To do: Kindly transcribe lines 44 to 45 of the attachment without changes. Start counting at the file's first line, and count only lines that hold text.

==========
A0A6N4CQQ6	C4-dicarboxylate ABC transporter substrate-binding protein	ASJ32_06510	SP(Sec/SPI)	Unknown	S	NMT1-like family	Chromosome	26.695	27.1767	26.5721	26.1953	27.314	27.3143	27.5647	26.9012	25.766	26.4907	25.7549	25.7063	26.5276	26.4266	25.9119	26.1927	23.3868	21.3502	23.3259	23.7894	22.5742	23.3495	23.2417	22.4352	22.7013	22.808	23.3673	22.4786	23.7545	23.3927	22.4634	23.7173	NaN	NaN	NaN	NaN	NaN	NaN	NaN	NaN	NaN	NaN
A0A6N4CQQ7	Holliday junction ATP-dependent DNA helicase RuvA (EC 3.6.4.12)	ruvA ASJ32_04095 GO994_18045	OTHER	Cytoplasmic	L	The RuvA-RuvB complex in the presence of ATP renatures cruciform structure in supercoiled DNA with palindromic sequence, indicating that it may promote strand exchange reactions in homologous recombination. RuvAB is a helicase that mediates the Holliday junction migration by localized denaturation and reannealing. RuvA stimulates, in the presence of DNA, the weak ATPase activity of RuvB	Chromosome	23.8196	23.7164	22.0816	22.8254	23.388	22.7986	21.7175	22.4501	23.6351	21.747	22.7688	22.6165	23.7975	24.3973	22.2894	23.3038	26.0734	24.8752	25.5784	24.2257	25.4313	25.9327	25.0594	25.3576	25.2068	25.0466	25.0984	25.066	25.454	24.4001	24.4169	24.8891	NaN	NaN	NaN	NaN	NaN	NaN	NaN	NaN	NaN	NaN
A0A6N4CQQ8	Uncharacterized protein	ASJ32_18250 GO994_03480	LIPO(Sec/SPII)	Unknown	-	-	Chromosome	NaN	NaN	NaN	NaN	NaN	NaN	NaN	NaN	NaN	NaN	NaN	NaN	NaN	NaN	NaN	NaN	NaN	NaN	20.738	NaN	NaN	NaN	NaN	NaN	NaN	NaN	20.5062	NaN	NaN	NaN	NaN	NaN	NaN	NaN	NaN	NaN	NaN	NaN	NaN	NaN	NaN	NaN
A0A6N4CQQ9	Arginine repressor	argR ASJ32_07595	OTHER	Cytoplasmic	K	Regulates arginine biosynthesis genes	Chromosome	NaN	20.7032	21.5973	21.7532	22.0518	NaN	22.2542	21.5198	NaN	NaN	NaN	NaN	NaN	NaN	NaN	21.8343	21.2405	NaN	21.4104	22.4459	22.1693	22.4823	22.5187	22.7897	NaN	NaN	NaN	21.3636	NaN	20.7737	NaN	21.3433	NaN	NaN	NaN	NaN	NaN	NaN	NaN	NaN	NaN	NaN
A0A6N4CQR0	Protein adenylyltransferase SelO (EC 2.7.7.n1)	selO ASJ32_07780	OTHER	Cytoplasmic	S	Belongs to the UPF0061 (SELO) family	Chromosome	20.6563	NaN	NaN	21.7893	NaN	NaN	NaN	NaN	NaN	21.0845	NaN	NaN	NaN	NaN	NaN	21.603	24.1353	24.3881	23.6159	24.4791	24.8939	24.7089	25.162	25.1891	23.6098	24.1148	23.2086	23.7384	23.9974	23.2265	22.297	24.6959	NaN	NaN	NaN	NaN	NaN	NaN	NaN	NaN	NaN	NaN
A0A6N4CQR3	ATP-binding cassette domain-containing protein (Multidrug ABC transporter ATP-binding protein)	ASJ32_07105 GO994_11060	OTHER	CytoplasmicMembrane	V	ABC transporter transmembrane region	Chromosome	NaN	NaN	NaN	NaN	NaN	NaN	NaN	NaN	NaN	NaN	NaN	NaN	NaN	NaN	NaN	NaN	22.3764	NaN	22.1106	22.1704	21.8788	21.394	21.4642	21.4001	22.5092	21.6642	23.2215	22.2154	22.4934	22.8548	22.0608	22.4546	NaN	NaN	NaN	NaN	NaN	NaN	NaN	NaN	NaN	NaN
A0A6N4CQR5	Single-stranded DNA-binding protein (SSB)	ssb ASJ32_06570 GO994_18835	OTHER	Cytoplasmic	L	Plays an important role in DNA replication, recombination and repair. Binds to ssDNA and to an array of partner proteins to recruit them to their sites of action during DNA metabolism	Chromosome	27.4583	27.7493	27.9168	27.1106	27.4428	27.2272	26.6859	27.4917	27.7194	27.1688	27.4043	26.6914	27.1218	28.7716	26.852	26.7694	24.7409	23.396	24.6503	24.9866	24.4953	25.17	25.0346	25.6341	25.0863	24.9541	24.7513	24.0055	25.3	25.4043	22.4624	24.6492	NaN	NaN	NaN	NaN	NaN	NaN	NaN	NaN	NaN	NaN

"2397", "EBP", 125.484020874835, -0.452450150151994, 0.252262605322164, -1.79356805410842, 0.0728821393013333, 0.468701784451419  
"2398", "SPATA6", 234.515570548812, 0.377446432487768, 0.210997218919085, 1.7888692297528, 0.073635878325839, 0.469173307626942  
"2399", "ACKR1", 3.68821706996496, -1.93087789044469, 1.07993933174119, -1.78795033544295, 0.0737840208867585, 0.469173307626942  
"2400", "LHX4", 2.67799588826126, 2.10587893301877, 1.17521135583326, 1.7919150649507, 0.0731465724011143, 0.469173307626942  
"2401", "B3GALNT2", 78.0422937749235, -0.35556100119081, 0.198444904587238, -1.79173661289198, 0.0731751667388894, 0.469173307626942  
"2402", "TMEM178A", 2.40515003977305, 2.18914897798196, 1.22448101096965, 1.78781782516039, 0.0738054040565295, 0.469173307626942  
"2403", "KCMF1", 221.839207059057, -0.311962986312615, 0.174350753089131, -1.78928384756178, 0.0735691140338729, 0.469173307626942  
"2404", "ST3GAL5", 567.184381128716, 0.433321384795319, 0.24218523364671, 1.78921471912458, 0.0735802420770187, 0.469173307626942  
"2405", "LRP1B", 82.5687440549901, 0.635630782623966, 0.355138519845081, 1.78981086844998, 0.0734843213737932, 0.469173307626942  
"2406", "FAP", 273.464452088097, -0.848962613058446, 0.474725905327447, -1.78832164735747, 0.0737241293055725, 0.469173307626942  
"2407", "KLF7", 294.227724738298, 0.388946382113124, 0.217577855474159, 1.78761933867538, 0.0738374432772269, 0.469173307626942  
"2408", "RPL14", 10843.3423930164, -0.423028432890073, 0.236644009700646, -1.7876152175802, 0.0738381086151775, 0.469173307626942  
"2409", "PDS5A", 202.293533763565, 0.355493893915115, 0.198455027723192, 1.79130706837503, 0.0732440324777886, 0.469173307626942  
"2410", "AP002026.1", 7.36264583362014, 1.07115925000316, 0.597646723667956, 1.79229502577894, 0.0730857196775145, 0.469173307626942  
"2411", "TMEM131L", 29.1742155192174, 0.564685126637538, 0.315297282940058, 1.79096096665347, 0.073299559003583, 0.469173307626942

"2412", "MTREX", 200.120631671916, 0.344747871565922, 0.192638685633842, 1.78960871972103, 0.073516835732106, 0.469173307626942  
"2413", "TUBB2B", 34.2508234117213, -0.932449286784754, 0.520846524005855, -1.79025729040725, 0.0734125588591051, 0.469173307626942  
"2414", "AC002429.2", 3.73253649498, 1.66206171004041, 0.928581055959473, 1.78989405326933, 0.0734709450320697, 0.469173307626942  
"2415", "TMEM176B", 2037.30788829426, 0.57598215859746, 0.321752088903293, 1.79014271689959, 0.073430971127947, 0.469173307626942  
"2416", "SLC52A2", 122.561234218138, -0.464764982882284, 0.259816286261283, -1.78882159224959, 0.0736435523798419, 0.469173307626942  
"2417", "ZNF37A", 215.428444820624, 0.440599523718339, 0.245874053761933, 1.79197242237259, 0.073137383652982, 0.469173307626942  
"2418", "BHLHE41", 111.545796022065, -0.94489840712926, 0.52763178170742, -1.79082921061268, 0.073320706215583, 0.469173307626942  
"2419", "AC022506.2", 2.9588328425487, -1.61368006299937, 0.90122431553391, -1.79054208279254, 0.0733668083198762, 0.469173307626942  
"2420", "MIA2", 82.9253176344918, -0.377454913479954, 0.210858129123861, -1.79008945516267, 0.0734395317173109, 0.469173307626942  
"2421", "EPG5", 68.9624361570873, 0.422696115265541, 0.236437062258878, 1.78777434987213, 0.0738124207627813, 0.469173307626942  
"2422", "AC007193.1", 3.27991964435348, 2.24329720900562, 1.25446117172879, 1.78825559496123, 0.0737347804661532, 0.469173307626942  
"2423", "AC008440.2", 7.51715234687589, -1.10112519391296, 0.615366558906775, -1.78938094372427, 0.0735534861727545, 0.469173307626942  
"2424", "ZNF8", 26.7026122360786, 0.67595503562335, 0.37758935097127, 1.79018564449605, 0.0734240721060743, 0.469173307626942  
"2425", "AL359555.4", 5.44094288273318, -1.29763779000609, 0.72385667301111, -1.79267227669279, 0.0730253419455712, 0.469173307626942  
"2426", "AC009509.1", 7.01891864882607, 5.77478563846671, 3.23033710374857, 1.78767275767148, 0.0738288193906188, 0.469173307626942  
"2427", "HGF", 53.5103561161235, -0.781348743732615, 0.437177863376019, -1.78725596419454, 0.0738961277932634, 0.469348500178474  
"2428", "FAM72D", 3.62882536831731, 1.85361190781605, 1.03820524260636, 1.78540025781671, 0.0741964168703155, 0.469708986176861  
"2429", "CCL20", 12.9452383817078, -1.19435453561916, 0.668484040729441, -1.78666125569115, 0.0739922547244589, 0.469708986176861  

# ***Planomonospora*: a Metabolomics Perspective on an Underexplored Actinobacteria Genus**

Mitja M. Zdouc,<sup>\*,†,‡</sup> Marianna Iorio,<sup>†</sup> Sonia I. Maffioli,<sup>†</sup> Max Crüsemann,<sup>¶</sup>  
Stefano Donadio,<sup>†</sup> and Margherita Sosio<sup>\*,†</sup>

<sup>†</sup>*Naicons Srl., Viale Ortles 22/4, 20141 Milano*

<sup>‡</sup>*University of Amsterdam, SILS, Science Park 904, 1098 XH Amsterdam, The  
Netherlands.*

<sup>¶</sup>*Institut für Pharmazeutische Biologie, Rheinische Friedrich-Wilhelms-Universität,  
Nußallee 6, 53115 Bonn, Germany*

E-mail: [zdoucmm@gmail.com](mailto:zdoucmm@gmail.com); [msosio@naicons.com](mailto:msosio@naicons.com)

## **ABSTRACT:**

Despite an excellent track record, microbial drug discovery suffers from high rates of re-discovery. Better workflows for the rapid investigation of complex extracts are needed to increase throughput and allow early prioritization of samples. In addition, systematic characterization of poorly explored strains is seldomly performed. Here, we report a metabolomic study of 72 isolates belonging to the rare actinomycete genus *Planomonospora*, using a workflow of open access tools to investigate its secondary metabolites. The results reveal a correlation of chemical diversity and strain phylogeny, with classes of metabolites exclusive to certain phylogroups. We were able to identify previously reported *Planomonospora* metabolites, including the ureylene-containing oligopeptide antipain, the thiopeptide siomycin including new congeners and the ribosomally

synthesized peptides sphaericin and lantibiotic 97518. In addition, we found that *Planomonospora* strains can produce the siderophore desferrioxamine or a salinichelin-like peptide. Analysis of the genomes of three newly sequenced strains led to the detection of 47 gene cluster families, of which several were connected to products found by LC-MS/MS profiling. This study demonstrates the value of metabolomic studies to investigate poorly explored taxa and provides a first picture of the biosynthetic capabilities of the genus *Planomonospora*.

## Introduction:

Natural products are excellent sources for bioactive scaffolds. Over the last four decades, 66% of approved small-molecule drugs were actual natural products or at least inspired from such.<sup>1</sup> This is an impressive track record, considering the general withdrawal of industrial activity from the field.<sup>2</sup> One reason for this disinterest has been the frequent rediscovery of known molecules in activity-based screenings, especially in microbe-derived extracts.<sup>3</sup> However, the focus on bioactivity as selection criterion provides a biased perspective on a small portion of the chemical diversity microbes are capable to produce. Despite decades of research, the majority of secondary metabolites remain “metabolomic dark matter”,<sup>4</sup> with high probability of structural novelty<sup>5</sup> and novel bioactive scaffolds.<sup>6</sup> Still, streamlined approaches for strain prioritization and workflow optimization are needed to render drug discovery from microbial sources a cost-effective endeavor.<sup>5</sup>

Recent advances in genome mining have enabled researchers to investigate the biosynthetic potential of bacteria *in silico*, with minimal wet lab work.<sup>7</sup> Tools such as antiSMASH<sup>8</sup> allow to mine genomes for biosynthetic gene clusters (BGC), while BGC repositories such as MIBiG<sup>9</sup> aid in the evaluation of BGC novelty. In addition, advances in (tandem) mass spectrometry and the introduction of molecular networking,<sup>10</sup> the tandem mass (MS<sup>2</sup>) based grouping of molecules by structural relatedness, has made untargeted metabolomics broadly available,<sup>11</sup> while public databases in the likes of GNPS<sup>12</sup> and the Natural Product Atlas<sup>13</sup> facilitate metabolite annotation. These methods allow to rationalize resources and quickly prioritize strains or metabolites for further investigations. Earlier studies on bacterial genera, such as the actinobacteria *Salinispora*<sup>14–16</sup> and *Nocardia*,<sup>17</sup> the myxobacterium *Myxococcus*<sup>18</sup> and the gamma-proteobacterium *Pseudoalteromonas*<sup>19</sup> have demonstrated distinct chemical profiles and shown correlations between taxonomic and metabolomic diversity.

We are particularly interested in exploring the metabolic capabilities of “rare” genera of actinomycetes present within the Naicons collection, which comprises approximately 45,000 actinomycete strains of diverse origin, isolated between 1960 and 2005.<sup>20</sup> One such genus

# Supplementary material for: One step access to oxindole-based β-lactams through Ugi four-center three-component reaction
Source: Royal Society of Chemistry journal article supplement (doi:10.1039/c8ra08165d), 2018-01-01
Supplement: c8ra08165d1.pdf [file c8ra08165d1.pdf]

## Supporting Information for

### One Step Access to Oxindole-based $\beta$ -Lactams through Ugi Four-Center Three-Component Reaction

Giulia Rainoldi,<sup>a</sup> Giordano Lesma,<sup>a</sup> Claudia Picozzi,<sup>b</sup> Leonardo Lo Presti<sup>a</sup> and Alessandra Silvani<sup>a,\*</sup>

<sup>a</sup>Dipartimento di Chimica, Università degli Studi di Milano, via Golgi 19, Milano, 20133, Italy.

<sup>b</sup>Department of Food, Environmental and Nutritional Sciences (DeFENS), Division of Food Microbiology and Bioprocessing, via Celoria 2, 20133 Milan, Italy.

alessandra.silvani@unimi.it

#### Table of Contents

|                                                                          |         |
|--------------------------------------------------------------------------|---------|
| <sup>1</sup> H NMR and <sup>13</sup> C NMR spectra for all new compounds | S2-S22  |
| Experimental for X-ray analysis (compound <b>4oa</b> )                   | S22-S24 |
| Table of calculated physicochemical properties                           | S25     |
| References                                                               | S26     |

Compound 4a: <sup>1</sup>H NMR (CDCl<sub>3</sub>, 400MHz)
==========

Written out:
<sup>†</sup>*Naicons Srl., Viale Ortles 22/4, 20141 Milano*

<sup>‡</sup>*University of Amsterdam, SILS, Science Park 904, 1098 XH Amsterdam, The  